Lisa D. sent me this email:
I was just asked "Who was your favorite teacher?" and I thought, "A ha! Great question!"
She is sooo right. Great question!
I have two. In high school, I had a tough English teacher, Mrs. Meys. She was serious about Beowolf and The Canterbury Tales and all sorts of stuff I had no interest in reading. At the time, I was way more curious about the latest party than the oldest literature.
But then she assigned us a poem. So for once, I actually did my homework and I wrote one. And although I'd probably be horrified if read that poem now, she gave me an "A." That got my attention. I just wasn't an "A" student. So I stopped sleeping and started listening in class. She encouraged me to write and read. And at the end of the year, she gave me an award for effort and achievement. I'd never earned a reward before.
After I published my first story in Seventeen, I went back to my high school and put a copy of the magazine in her mailbox along with a thank you note. She wrote me back, stating that she was retiring that year and the thank you was a wonderful send off and that she would follow my career.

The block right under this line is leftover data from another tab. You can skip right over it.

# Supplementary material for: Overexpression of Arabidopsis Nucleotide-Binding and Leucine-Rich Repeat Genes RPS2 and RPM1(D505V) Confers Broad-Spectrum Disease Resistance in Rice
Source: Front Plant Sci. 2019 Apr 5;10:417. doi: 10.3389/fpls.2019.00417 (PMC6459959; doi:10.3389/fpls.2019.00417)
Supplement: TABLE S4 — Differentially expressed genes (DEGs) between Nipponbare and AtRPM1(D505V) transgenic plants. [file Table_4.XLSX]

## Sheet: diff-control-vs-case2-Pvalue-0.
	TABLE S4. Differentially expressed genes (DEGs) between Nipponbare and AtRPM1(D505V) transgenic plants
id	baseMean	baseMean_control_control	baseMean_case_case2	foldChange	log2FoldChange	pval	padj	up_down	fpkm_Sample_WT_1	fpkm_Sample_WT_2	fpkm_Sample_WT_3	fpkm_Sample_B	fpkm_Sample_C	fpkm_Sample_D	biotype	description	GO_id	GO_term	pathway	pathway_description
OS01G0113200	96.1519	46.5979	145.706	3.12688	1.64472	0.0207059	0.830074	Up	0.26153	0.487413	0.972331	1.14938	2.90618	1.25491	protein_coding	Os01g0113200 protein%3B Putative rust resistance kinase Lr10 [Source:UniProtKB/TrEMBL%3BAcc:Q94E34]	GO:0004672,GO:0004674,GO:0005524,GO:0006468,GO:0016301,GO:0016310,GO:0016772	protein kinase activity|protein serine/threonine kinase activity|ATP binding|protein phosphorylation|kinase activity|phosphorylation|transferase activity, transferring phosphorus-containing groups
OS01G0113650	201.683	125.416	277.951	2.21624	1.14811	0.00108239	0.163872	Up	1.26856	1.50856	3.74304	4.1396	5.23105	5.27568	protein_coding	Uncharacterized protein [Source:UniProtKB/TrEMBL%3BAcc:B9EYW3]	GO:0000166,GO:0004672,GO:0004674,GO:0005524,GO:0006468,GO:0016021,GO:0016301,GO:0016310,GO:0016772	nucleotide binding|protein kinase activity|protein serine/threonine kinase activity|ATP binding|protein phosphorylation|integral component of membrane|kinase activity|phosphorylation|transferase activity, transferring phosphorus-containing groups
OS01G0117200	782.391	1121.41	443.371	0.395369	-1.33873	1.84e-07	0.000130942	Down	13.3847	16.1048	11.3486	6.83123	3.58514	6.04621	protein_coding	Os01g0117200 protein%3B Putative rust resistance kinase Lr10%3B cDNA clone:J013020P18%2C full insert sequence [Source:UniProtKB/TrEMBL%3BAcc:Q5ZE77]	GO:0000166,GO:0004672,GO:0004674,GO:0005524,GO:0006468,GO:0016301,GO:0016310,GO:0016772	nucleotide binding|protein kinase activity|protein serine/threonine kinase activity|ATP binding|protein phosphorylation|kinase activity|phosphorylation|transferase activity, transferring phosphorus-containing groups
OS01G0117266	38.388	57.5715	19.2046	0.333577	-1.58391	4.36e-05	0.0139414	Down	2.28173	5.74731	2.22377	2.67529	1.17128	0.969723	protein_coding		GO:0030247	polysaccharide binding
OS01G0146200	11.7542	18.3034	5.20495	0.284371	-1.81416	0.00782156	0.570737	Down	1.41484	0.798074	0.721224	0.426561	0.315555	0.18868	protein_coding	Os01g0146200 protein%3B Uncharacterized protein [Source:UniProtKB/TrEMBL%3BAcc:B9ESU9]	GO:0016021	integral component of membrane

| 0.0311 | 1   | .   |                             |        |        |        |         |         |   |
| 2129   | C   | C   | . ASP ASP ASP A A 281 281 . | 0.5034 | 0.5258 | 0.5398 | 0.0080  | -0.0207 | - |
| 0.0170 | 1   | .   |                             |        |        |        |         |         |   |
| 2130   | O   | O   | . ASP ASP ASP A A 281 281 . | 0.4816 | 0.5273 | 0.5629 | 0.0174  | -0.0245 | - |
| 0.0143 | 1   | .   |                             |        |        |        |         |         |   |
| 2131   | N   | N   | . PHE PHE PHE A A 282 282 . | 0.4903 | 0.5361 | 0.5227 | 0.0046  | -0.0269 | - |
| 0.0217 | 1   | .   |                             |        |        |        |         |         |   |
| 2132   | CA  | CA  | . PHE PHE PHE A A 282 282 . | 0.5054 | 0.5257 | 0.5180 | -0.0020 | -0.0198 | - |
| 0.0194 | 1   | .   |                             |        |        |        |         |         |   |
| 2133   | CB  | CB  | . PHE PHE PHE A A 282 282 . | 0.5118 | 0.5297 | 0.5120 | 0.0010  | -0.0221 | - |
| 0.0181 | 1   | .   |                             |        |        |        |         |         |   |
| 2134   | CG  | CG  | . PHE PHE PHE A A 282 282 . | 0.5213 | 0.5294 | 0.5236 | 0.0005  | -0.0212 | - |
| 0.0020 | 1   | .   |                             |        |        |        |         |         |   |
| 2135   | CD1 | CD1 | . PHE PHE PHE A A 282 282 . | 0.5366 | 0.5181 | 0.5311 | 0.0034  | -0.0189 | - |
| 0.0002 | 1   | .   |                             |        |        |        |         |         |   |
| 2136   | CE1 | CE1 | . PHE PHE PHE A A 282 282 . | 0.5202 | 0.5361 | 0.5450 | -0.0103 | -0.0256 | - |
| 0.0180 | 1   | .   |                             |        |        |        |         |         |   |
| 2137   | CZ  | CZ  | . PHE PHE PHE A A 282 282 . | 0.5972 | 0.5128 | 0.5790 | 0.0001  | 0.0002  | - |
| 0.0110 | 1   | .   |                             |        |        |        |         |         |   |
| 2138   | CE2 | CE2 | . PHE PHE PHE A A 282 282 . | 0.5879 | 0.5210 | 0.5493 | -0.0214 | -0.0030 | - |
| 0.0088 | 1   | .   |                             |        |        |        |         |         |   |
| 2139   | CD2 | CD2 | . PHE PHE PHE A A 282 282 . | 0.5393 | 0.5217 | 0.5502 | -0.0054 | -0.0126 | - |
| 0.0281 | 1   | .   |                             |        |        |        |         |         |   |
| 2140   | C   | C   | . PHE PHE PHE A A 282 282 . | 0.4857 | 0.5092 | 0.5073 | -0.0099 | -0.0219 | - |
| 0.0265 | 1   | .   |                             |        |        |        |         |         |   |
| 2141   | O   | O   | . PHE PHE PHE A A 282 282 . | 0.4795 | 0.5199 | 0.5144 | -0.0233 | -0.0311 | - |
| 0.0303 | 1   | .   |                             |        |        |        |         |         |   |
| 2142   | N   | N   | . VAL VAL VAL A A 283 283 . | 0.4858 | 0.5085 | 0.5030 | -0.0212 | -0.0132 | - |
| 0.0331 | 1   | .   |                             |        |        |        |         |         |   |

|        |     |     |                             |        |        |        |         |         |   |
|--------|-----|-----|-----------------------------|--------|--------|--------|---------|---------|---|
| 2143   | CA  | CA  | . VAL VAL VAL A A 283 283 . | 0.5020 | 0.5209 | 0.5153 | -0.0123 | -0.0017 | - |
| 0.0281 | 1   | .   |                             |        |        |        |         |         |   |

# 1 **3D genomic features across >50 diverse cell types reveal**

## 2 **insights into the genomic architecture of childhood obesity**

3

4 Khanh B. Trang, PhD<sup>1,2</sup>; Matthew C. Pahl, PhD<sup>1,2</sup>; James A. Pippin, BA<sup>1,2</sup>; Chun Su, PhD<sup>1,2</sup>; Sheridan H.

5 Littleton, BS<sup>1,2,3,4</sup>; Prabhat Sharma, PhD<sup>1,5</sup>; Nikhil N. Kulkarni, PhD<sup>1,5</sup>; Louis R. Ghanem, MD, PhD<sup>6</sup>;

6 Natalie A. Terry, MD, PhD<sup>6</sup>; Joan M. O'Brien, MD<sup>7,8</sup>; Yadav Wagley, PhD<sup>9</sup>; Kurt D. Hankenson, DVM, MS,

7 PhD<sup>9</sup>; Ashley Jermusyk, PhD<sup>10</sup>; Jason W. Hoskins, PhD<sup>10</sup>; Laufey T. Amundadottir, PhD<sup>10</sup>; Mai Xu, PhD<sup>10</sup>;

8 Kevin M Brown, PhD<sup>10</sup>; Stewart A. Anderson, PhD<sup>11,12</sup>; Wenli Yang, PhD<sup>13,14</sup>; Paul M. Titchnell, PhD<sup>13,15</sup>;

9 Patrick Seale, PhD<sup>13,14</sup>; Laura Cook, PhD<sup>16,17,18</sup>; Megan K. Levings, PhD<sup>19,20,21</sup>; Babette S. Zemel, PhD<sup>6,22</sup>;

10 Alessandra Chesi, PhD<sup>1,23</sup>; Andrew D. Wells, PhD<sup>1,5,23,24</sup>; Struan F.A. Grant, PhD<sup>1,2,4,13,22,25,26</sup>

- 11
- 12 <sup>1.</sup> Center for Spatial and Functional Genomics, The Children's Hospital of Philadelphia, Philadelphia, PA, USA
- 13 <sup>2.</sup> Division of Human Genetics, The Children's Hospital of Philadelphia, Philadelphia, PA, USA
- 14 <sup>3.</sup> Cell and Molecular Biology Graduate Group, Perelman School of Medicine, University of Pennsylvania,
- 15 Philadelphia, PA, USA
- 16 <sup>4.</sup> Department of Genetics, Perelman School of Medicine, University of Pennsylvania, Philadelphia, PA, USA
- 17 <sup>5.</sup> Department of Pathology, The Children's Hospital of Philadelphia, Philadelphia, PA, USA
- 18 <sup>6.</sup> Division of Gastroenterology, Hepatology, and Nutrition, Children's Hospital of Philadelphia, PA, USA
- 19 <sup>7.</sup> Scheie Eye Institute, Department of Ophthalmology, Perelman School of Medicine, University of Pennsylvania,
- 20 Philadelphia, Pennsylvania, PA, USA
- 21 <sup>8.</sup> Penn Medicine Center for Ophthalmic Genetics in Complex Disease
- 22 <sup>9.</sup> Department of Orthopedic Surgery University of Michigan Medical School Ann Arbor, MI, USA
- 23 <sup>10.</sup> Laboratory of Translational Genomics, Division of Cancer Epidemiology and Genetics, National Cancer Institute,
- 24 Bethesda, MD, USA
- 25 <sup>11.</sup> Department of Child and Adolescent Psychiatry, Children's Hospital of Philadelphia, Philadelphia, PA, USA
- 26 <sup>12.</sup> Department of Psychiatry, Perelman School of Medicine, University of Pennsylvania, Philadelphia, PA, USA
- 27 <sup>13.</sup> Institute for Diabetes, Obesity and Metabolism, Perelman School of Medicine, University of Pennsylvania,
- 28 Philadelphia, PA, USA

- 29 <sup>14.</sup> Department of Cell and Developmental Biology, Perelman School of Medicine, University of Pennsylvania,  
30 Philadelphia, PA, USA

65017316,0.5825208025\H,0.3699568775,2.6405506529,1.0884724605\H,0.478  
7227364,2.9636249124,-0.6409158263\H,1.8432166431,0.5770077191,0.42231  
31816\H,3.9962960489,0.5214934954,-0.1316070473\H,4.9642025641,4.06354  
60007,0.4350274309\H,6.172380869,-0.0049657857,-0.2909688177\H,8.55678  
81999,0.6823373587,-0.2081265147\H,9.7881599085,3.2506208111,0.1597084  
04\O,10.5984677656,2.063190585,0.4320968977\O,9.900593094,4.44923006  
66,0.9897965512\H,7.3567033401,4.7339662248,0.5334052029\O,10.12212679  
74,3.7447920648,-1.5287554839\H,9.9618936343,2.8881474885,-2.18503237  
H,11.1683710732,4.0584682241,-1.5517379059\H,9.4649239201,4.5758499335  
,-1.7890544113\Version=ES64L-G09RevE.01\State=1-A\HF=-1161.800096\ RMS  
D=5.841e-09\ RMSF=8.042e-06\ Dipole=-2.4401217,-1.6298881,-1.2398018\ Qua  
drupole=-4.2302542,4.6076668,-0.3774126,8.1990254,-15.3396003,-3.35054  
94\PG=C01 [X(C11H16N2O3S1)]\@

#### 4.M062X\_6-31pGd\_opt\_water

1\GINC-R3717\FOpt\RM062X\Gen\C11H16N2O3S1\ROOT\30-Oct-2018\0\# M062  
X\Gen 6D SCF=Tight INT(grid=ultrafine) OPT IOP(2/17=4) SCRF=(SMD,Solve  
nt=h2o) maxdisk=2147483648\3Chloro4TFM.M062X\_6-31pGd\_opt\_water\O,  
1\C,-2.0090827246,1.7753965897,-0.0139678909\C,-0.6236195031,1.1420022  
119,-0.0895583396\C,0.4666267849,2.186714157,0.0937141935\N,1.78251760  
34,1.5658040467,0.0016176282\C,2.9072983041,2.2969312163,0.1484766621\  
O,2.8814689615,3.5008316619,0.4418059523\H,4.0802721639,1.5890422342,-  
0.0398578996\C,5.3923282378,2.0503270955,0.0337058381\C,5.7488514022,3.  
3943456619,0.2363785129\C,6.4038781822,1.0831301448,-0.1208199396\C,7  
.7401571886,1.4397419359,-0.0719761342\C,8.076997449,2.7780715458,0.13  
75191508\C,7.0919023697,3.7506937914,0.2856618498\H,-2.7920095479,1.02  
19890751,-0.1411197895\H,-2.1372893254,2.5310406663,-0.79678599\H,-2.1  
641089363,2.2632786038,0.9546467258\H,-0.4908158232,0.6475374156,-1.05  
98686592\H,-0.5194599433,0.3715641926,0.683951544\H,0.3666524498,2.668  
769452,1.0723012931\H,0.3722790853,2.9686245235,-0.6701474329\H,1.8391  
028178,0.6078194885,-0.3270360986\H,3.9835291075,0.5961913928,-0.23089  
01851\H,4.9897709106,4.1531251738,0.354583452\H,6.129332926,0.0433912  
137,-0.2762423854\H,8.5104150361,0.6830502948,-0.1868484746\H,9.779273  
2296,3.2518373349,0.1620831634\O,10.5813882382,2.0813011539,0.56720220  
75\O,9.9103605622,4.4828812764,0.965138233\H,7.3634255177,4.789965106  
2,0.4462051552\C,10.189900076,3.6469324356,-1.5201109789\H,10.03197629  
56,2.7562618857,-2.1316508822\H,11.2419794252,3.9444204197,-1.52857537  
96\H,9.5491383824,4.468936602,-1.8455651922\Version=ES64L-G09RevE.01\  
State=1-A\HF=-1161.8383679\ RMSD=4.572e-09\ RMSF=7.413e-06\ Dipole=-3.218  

When I got to college, I'd decided to major in writing, but I had NO idea how to write or what being a writer even meant. The first day of my first writing workshop, Andre Dubus III entered the classroom. He was passionate about the craft, excited to dig in and ridiculously attractive. He taught a small group of students about plot, introduced us to some great writers like Susan Minot, showed us how to structure a story, foreshadow, describe without being cliche and ultimately complete our very first short stories. And he made it fun and exciting.
That man made me want to be a writer.
The funny thing is, years later, during an interview, Andre talked about that first workshop and revealed that he had no idea what he was doing either. He had never taught a class before and didn't really have a plan. I think the honesty of it all inspired me.
Teachers are under paid and under appreciated. But they're the most important influences, outside of family, during our formative years. I know that if Mrs. Meys hadn't encouraged me to read and write and if Andre hadn't stirred up a writing storm in that workshop, I wouldn't be who I am today.
So let's give thanks to the most important people in our lives. Who was your favorite teacher?
3 years ago